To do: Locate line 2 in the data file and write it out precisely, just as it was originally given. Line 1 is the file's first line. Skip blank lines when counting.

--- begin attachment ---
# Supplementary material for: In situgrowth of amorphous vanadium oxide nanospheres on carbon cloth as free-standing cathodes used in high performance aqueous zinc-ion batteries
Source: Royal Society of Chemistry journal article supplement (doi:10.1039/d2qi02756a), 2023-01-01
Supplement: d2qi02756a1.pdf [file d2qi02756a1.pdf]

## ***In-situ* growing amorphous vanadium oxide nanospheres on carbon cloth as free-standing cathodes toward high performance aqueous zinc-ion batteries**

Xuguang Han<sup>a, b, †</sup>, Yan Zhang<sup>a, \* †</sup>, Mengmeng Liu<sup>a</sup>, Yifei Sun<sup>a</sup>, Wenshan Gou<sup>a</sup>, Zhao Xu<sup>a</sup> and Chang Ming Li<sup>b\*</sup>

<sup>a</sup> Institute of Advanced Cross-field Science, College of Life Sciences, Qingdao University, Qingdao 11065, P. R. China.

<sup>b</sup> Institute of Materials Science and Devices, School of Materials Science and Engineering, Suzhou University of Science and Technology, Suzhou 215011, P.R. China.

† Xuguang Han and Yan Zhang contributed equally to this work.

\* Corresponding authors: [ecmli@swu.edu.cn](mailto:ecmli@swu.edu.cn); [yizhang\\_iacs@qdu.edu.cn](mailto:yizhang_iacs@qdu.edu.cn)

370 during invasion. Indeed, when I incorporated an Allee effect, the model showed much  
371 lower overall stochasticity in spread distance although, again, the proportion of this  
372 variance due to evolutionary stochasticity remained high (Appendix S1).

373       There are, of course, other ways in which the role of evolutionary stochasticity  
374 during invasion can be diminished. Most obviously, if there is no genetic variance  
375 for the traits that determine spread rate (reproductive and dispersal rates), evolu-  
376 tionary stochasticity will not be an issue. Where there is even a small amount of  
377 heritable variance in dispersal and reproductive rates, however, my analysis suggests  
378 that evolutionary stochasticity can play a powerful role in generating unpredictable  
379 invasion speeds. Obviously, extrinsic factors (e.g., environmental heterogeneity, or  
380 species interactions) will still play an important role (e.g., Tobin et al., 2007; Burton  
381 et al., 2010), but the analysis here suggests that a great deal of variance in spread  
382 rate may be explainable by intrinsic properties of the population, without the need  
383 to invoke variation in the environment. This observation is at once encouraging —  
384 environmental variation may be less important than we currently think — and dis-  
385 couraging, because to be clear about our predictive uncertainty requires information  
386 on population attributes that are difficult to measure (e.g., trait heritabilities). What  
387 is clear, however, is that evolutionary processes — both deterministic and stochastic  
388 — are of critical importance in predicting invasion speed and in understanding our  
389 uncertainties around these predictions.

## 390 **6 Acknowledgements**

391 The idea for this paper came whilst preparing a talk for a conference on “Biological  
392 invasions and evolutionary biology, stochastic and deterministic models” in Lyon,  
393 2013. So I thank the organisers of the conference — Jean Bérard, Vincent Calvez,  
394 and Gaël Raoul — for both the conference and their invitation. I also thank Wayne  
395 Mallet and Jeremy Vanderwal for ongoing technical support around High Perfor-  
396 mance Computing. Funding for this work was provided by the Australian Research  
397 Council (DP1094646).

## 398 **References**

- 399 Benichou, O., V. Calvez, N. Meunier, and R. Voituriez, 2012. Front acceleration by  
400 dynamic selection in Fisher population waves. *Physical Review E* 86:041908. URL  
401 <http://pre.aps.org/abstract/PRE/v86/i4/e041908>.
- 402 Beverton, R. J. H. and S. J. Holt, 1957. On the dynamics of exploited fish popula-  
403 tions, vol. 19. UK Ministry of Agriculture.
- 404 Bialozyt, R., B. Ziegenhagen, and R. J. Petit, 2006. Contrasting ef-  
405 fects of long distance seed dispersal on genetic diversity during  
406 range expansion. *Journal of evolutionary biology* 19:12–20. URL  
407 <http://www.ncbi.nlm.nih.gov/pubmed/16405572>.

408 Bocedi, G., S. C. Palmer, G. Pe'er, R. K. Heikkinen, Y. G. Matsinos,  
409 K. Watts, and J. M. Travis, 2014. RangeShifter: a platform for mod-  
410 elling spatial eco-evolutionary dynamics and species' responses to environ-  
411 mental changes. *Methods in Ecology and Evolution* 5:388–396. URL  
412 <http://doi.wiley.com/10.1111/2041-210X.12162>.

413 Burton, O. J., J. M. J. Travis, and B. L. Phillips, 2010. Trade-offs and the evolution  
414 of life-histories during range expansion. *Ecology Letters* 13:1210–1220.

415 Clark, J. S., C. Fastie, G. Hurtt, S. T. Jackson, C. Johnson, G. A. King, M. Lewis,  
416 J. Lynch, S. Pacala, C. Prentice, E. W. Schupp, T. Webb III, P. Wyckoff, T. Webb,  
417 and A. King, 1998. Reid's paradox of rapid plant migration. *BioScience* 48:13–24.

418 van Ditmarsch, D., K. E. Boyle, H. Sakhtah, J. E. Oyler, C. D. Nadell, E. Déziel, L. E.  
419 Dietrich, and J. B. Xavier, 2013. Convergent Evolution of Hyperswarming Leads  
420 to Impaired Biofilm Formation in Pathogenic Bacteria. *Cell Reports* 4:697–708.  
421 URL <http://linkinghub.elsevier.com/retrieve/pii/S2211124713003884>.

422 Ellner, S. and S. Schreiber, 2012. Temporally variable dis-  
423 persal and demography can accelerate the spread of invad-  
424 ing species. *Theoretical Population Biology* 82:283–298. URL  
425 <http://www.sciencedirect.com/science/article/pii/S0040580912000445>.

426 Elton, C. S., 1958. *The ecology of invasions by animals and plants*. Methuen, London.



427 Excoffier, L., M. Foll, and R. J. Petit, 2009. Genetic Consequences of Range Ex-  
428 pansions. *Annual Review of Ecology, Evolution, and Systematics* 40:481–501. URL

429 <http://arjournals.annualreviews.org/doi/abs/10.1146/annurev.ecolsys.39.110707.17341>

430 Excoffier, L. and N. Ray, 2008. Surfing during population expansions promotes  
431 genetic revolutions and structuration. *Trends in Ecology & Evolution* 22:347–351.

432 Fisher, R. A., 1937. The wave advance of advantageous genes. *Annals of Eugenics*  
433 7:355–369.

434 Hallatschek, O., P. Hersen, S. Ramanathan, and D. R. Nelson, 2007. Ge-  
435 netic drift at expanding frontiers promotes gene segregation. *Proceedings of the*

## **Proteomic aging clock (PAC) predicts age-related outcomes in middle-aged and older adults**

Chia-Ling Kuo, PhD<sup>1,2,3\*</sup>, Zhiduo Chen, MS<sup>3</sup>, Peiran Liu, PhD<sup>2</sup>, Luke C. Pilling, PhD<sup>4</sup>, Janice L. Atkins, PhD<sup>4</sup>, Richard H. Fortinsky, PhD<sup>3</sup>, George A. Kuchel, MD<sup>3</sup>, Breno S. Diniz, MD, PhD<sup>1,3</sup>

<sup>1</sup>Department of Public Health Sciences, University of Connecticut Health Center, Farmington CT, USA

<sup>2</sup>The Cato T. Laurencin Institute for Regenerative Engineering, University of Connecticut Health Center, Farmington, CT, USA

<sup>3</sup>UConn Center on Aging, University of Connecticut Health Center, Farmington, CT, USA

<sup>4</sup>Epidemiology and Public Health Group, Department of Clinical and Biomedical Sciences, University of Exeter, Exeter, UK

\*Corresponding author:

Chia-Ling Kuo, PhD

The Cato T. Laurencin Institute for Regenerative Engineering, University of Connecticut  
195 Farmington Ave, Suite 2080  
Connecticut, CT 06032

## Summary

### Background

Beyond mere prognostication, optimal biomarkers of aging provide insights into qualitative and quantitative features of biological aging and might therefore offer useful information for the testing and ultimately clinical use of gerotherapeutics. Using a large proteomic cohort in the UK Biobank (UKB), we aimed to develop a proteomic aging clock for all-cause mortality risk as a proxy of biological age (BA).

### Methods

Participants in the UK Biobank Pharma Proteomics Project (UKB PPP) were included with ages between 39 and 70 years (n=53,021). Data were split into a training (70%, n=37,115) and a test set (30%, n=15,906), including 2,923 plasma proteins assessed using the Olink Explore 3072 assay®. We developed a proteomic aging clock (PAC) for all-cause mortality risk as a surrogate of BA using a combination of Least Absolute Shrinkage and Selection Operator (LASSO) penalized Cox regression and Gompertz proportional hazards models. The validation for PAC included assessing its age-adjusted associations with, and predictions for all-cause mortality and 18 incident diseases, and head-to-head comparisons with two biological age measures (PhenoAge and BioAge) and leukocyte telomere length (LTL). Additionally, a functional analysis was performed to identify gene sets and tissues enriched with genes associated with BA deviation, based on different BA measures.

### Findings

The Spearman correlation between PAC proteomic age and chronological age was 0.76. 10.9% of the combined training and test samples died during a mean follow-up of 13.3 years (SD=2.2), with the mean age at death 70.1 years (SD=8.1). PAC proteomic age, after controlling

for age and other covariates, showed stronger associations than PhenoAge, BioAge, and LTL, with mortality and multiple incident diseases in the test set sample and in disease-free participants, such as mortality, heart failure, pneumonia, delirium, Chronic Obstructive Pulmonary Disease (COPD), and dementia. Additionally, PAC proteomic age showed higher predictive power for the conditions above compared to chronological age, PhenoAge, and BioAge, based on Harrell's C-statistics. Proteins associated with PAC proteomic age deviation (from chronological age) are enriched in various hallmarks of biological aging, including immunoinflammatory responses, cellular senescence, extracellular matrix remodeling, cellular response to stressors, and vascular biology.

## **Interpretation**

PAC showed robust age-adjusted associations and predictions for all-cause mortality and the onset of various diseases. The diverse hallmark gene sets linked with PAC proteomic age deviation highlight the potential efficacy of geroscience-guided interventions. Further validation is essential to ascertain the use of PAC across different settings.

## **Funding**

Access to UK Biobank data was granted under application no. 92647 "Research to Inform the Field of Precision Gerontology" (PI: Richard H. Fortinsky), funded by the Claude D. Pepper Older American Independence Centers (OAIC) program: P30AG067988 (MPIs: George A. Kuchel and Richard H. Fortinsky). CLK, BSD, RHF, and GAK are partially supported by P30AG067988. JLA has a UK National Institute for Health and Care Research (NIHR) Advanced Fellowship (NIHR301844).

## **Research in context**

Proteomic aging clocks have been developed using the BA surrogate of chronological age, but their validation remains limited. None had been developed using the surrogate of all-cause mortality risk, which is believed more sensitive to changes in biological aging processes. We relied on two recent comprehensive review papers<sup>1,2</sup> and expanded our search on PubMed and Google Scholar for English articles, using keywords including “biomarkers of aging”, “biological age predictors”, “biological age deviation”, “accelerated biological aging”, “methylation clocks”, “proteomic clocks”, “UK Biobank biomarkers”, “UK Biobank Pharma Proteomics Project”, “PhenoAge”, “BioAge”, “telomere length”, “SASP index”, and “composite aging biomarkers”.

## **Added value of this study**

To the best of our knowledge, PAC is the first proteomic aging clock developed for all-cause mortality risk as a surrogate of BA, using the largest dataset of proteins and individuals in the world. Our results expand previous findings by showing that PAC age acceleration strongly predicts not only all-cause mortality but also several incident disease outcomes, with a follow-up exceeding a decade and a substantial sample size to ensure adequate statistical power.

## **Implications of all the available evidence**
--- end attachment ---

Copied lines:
Source: Royal Society of Chemistry journal article supplement (doi:10.1039/d2qi02756a), 2023-01-01